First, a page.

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Chip Berlet

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John Birch Society

Robert Welch introduced the idea of the John Birch Society at an Indianapolis meeting he convened on December 9, 1958 of 12 "patriotic and public-spirited" men. The first chapter was founded a few months later in February 1959. The core thesis of the society was contained Welch's initial Indianapolis presentation, transcribed almost verbatim in The Blue Book of the John Birch Society, and subsequently given to each new member. According to Welch, both the US and Soviet governments are controlled by the same furtive conspiratorial cabal of internationalists, greedy bankers, and corrupt politicians. If left unexposed, the traitors inside the US government would betray the country's sovereignty to the United Nations for a collectivist new world order managed by a "one-world socialist government." The Birch Society incorporated many themes from pre-WWII rightist groups opposed to the New Deal, and had its base in the business nationalist sector discussed earlier.

Welch was born in 1899 and worked "in the candy manufacturing business all of his adult life," for many years as the vice president for sales and advertising of the James O. Welch Company, founded by his brother. He was on the board of directors of the ultraconservative National Association of Manufacturers for seven years starting in 1950, and chaired NAM's Educational Advisory Committee for two years. It was at NAM, during the height of the Red Menace hysteria, that Welch honed his Americanist philosophy. Welch toured the country chairing meetings on the state of American education, and producing a 32-page brochure "This We Believe About Education," that "concluded that in America parents--and not the State--have the ultimate responsibility for the education of their children." 200,000 copies of the brochure were distributed by NAM.

Welch served as vice chairman of the Massachusetts Republican Party finance committee in 1948, and unsuccessfully ran for Lt. Governor in the 1950 Republican primary. Welch supported the ultraconservative Taft over the more moderate Eisenhower by running as a Massachusetts Taft delegate to the 1952 Republican convention. In 1952 Welch wrote May God Forgive Us, a study alleging "subversive influences" by government officials and their allies to shape "public opinion and governmental policies to favor the Communist advance." The book was published by the ultraconservative Henry Regnery Company, which in 1954 also published Welch's The Life of John Birch, which told the story of a fundamentalist missionary in China who became an intelligence agent for General Claire Chennault's Flying Tigers. Birch was killed by Chinese communist soldiers while he was on a mission at the end of WWII. In February of 1956 Welch started publishing a magazine, One Man's Opinion, and in January 1957 he left the candy business to devote his energies to "the anti-Communist cause."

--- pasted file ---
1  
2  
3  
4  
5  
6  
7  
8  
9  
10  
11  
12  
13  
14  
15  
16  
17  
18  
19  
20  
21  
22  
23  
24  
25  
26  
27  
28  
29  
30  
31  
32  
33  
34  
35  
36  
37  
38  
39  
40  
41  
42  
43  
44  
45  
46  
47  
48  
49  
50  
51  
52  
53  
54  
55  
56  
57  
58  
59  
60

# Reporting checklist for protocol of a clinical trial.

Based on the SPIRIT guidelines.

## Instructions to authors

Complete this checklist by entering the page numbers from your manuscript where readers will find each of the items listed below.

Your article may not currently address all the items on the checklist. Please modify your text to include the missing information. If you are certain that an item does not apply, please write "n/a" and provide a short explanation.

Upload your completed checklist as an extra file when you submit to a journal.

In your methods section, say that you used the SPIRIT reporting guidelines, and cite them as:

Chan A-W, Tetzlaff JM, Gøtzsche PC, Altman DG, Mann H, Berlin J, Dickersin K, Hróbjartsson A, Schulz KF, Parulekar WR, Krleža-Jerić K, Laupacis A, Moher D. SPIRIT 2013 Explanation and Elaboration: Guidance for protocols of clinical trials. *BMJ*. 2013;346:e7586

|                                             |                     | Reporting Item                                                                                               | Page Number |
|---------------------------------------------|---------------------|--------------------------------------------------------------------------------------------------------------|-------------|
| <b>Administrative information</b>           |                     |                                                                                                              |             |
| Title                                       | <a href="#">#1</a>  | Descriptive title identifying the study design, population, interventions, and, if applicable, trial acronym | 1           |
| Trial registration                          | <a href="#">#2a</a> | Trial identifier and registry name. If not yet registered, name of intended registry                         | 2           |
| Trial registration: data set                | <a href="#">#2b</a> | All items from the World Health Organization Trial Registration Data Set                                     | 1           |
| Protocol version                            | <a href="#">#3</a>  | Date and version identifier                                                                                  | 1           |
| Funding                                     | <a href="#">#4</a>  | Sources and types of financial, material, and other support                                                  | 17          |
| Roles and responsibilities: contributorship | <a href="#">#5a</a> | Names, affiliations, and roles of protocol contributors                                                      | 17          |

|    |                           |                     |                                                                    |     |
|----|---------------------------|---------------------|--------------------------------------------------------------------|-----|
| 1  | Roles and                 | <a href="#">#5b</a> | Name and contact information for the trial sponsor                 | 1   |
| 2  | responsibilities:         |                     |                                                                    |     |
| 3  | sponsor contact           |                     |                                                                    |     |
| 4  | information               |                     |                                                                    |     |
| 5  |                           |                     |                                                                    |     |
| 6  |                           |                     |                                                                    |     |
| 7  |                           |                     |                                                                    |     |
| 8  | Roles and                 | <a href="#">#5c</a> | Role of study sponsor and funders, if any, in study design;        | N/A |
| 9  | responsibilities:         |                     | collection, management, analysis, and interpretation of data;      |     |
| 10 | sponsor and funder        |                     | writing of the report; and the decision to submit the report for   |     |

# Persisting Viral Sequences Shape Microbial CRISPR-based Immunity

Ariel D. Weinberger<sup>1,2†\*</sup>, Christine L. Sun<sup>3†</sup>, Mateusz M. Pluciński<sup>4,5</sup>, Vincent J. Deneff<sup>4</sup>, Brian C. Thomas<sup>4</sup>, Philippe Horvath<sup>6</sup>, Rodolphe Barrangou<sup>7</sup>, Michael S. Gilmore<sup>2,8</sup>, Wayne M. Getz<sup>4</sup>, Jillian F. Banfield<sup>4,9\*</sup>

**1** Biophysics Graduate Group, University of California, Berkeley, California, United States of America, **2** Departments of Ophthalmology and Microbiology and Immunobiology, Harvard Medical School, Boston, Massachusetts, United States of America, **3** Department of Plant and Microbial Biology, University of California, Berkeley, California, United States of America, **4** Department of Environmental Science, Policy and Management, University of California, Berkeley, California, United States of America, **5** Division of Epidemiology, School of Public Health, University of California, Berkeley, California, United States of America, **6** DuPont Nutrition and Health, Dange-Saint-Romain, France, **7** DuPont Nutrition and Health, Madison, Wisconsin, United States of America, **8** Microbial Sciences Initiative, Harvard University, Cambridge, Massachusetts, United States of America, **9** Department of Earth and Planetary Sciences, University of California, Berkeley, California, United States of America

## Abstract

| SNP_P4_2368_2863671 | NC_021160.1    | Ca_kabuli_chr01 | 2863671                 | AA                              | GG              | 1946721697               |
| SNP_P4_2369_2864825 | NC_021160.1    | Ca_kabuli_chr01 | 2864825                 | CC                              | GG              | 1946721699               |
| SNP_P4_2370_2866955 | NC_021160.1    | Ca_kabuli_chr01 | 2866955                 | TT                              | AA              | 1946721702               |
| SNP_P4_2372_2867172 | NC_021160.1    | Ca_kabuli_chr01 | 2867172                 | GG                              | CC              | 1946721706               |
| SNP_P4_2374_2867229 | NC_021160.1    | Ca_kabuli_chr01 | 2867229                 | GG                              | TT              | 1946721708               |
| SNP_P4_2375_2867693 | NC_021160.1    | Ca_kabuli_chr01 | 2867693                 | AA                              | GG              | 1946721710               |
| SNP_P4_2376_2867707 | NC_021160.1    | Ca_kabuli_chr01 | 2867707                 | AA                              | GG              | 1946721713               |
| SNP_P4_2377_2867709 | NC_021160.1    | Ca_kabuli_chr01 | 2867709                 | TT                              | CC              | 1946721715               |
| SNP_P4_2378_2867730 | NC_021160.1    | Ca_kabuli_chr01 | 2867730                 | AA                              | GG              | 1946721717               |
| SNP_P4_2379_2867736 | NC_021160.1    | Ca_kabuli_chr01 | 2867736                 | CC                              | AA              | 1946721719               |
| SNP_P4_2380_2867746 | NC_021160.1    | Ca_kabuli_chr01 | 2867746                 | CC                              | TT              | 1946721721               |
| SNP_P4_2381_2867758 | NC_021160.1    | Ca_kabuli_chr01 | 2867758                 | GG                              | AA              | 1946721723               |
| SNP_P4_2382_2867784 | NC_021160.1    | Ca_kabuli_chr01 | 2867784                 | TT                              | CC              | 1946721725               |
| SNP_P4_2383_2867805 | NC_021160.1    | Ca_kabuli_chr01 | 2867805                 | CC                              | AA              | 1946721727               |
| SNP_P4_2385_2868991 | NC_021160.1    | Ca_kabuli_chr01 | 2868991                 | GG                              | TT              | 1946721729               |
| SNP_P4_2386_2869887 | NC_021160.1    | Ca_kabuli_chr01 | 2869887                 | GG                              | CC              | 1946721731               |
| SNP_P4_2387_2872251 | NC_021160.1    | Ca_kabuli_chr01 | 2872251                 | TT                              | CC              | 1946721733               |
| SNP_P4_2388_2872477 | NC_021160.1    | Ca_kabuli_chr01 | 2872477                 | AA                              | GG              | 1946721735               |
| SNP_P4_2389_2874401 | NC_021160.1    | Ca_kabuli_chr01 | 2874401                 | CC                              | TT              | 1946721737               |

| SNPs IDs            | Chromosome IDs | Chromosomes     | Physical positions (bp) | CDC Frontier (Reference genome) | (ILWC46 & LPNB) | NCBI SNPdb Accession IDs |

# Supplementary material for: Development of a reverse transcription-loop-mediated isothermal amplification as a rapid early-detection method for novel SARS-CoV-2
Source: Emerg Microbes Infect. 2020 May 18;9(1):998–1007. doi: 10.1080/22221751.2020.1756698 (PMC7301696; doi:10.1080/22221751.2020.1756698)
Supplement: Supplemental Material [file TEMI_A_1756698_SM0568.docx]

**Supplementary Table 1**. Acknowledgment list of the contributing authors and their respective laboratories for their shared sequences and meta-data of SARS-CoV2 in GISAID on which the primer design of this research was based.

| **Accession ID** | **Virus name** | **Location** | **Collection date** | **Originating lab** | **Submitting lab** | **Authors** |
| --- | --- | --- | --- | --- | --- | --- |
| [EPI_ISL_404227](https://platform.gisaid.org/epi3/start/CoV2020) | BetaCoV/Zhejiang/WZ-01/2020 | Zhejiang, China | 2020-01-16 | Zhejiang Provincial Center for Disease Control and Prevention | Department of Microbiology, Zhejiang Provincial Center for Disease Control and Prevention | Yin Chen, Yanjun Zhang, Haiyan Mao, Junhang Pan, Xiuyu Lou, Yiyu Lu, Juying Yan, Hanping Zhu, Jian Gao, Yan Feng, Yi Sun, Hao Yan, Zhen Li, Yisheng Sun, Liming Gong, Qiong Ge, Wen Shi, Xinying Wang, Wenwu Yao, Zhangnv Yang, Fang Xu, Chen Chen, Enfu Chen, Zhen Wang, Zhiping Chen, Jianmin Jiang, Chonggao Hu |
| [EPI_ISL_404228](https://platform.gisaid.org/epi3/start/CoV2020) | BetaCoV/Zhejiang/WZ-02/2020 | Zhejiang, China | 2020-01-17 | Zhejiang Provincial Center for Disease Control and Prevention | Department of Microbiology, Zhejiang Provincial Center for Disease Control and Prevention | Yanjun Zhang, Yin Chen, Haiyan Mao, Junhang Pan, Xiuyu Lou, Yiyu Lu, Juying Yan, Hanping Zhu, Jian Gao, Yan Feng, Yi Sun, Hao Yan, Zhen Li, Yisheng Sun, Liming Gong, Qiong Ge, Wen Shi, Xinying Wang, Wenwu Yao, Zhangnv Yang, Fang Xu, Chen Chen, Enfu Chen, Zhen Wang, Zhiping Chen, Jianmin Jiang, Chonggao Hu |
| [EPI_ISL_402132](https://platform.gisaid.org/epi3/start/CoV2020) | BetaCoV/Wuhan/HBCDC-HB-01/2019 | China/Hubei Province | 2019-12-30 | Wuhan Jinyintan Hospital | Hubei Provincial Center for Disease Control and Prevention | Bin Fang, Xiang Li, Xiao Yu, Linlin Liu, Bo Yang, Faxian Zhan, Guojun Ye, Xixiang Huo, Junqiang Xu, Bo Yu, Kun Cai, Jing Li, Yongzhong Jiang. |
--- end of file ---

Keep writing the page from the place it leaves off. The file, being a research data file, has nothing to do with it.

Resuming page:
Welch saw collectivism as the main threat to western civilization, writing "both the Greek and the Roman civilizations did perish of the cancer of collectivism, and the civilization of Western Europe is doing so today." This view was shared by many conservatives of the day, and had been developed by such conservative intellectuals as Hayek. The ingredient that Welch added was an "uncompromising conspiracy theory of world events, one that blamed domestic rather than foreign enemies for the spread of communism," as Diamond summarized. Although critical of Oswald Spengler's intellectual snobbery, Welch agreed with Spengler's thesis in Decline of the West, of a "cyclical theory of cultures," but Welch argued that western European civilization was being prematurely put at risk by a conspiracy to promote the decay of collectivism.

According to the JBS theory, liberals provide the cover for the gradual process of collectivism, therefore many liberals and their allies must actually be secret communist traitors whose ultimate goal is to replace the nations of western civilization with one-world socialist government. "There are many stages of` welfarism, socialism, and collectivism in general," wrote Welch, "but communism is the ultimate state of them all, and they all lead inevitably in that direction." A core tenet of the JBS was that the US is a republic not a democracy, and that collectivism has eroded that distinction. That this distinction was largely a semantic trick--used to cover the essential autocratic elitism of Welch and the JBS philosoph--was examined by Lester DeKoster, a conservative Christian who warned of the JBS anti-democratic agenda in his monograph titled The Citizen and the John Birch Society.

The JBS concern that collectivism, statism, and internationalism would be ushered in through a subversive communist conspiracy naturally evolved into the JBS "Get US out of UN!" campaign, which alleged in 1959 that the "Real nature of [the] UN is to build One World Government (New World Order)." Behind much of this concern was opposition to communism not only on economic, ideological, and pragmatic geopolitical grounds, but also because it was seen as a godless conspiracy. The influence of fundamentalist Christian beliefs on Birch doctrine are often obscured by the group's ostensible secular orientation. As Welch put it, "This is a world-wide battle, between light and darkness; between freedom and slavery; between the spirit of Christianity and the spirit of anti-Christ for the souls and bodies of men."

Welch's magazine, renamed American Opinion, became the official JBS publication in 1959, as chapters began to be built. In January 1960 the Birch Society had 75 chapters and 1,500 members, and by September 1960 there were 324 chapters and some 5,300 members. In March of 1961, according to Welch, there was "a staff of twenty-eight people in the Home Office; about thirty Coordinators (or Major Coordinators) in the field, who are fully-paid as to salary and expenses; and about one hundred Coordinators (or Section Leaders as they are called in some areas), who work on a volunteer basis as to all or part of their salary, or expenses, or both." Estimates of Society membership by the end of 1961 ranged from 60,000 to 100,000. The actual membership figures are shrouded in secrecy and often disputed. Broyles argues that in 1966 the actual active membership was more like 25,000 to 30,000, but this seems a low, and active members are outnumbered by paid members in most groups.